“So many women are not empowered enough and that is why we are talking of empowerment for women. Can you imagine a woman coming for antenatal for the first time and the doctor or nurse asks when was her last menstrual period and she says let my pick my phone and call my husband. It is that bad, so there is need for us to sensitize and empower these women to let them know their rights and equal opportunity.”
But despite the backlash from certain quarters, there are women who enjoy partaking in family planning. One of such women is 28-year-old Amina Mohammed who has adopted family planning as a means of helping herself and the family. Amina who had given birth to two children before adopting family planning said adopting family planning gave her opportunity to face her business thereby assisting her husband to cater for the family.
As for 35-year-old Shade Adesida, a trader and mother of four, she got to know about family planning through an advert by NURHI. She said she went for the injectable contraceptive and has since been having adequate time for her business and family. Shade has been on the contraceptive method for the past 11 months and challenges other women to visit the nearest health facilities where they can be properly guided about appropriate family planning options.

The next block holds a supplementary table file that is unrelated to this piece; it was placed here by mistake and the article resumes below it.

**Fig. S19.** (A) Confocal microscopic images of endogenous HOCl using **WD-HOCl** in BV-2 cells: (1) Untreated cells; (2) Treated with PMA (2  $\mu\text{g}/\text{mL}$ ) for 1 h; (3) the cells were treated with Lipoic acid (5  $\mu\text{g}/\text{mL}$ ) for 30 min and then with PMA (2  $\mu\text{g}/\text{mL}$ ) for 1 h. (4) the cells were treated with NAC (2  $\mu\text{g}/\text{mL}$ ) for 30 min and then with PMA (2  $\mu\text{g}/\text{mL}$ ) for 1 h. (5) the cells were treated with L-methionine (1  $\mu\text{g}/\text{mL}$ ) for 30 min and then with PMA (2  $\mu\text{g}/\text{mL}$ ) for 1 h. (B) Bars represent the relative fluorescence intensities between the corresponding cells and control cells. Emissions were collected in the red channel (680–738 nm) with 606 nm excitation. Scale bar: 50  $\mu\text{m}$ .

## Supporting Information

As for Chika Ohaeri, a 36-year-old mother of five, she is thankful that she discovered family planning. Chika admitted that she probably would have had nine children but for family planning. Married in 2002, and immediately began procreating, Chika said she and her spouse soon got worried about the rate their family was multiplying.
“We were relieved soon after a friend of my husband introduced family planning to us. I adopted the 5-year implant method in March 2014. Perhaps if not for this family planning initiative, I would have probably have had up to nine children by now. Even with it, I am stronger, healthier and my stature is okay,” Chika observed.
Sharing her own experience, a family planning provider, Mrs. Grace Bioku, expressed passion for the job because she loves to see women healthy. As a result she does not mind spending a long time convincing women to embrace it.
“The turnout at the facility has improved. During counseling, we educate them about how family planning allows women to rest between pregnancies in order to regain their health and strength thereby reducing the risk of complications before, during or after pregnancy.
“It also makes fathers able to provide for the family, financially, morally and emotionally, and have quality time for his wife thereby prompting closer relationship. It also gives room for good health and quality education opportunities for the children among others.” Bioku sees women aged 20 – 30 as her major clients. They often opt for injectables and implants.